Secondly, the car’s front end is more responsive and adjustable. There are several long-radius, third-gear hairpins on the Lausitzring’s infield and keeping the nose tucked in as you wait for a late apex is noticeably easier. This might be partly due to some of the new carbonfibre body panels, the roof being most notable, which save a total of 10.5kg. However, the more likely candidates are the suspension tweaks allied to the new Dunlop tyres that have a stickier compound and an 11 per cent larger contact patch, resulting in a five per cent increase in cornering force.

Finally, the gearbox in R mode has an improved algorithm for shifting when left in auto. This might not sound very appealing, but it’s spookily impressive, and if you were learning a new circuit then it would give you one less thing to think about while you worked out lefts and rights and braking points.

Ultimately, the Nismo can’t disguise its 1725kg weight as well on track as it does on the road. At the limits of adhesion it feels large rather than lithe, yet it also manages not to feel leaden. It storms round with a sort of irresistibly appealing momentum. Twelve years on, it’s still impressive.

Prices, specs and rivals

However, I think there is a part of me that is impressed by an R35 GT-R because I can’t help but think of them as the bargain they once were. But the Nismo definitely isn’t a bargain. I’m also not sure that it’s wildly better than the very first R35 that I drove. Sure, it has been quietly refined and improved over more than a decade, but the fundamental sensations are all the same. And that original car cost just $65,500, whereas this Nismo retails at three-and-a-half times that amount at $216,468. Yes, Porsche manages to have a huge gap between a base Carrera and a GT2 RS, but there is also a yawning gulf between those two versions of the 911 in terms of feel and performance. I don’t think the same can be said of the current GT-R portfolio.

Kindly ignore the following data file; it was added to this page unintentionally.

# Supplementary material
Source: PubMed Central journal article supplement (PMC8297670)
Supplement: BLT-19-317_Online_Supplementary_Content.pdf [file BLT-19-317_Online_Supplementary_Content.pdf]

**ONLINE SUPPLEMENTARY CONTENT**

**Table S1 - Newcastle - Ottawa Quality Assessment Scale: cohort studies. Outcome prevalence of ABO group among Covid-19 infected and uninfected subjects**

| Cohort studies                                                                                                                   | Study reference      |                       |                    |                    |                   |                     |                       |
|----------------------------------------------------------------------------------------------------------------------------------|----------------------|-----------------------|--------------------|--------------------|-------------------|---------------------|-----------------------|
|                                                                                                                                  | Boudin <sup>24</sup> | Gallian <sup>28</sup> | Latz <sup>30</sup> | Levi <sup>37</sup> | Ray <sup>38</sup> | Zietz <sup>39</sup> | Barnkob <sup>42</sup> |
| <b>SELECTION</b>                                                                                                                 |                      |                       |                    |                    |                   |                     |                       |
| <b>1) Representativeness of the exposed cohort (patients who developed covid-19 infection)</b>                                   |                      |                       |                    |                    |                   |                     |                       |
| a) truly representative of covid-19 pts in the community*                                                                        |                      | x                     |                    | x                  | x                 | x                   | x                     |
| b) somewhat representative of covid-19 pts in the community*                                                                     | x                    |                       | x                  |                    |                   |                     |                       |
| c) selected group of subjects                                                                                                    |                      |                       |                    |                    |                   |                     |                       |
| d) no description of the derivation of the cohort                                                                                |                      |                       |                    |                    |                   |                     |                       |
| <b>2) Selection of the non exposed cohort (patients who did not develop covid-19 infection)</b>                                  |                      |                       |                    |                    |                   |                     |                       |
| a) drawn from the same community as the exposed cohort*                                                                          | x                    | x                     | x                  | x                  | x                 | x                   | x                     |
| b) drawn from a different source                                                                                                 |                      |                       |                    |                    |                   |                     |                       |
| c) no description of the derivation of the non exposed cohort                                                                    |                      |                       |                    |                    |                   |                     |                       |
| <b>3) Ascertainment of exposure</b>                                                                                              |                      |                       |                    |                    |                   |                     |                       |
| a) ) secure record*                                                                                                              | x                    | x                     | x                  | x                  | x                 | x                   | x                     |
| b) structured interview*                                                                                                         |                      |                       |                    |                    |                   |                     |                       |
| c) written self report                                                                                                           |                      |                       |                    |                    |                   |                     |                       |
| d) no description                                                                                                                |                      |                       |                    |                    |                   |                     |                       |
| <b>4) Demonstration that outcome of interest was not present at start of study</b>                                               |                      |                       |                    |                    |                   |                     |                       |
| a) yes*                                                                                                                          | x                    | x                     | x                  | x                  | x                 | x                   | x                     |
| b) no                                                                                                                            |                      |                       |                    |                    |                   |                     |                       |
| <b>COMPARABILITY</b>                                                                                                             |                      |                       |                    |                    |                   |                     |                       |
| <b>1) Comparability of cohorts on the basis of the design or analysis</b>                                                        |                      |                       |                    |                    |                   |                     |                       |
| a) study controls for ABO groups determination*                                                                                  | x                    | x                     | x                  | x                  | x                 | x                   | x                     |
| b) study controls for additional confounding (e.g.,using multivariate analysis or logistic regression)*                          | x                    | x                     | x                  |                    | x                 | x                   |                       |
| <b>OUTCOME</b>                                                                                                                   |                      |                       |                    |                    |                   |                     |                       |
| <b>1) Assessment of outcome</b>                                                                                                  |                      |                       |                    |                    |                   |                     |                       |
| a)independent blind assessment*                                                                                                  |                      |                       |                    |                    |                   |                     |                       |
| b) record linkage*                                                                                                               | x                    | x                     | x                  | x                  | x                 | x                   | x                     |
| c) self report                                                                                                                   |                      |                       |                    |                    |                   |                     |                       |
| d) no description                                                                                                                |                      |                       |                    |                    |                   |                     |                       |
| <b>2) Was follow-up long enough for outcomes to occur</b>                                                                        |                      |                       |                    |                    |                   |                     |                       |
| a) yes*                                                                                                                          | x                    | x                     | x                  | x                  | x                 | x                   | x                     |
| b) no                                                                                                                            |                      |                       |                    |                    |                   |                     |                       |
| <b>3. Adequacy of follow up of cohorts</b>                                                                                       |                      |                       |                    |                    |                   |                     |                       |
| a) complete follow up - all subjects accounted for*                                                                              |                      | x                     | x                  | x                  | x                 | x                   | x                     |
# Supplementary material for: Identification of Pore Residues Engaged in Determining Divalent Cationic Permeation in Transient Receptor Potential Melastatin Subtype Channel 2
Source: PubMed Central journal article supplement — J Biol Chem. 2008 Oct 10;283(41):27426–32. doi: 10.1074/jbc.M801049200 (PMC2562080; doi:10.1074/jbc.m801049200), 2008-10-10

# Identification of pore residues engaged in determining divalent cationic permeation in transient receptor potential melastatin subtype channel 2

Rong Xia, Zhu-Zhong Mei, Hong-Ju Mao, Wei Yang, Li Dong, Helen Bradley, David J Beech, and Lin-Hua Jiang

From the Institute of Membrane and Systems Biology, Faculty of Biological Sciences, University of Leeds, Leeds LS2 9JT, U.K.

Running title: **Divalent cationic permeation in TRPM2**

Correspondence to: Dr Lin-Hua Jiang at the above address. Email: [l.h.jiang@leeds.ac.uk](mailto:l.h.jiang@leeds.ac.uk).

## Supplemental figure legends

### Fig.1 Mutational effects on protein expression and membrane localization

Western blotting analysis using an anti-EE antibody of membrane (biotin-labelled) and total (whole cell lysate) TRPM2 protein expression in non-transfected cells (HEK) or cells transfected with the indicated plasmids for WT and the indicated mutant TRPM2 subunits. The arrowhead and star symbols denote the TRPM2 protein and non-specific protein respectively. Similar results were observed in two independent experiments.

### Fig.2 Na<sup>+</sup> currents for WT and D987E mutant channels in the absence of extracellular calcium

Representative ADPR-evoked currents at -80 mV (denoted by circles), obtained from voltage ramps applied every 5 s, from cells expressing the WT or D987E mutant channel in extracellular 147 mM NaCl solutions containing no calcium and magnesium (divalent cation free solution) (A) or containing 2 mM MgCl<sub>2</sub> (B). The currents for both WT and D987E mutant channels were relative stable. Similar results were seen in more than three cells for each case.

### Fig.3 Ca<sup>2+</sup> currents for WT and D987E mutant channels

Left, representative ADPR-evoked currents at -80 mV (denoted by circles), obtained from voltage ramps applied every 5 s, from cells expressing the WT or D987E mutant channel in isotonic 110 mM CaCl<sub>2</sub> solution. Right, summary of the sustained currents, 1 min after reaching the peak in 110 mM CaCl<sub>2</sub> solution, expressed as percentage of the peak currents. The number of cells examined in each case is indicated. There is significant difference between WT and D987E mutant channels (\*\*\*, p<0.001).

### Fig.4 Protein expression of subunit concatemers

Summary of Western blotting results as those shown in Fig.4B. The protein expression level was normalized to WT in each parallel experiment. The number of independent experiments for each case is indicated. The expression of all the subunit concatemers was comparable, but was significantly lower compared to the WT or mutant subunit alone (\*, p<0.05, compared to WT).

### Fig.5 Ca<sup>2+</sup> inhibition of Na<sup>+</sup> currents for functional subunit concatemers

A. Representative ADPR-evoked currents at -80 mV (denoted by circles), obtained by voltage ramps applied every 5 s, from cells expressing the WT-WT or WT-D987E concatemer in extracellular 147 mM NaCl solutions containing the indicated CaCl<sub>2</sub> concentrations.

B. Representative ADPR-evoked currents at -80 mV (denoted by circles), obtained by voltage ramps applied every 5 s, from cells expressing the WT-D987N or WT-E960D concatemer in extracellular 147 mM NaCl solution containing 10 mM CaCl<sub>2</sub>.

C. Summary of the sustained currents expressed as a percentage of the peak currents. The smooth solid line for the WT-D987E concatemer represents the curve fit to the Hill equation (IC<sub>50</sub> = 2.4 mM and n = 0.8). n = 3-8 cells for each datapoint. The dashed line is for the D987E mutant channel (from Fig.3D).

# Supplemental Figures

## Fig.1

Of course, nothing else will give you the sensations that a GT-R does. No Aston or McLaren or Lexus will behave or feel the same as the big Nissan. It’s still something of an outlier in the performance car market and as a result there are no substitutes for those in its thrall. And if you want the ultimate then the Nismo is undoubtedly where it’s at. However, for me the substantially cheaper (and only 30bhp weaker) Track Edition is still the sweet spot of the GT-R range.

And of course, whether crawling past banks or hammering round banking, this latest and surely final iteration of the R35 does reignite one very big question: when will we see an R36?

This article originally appeared at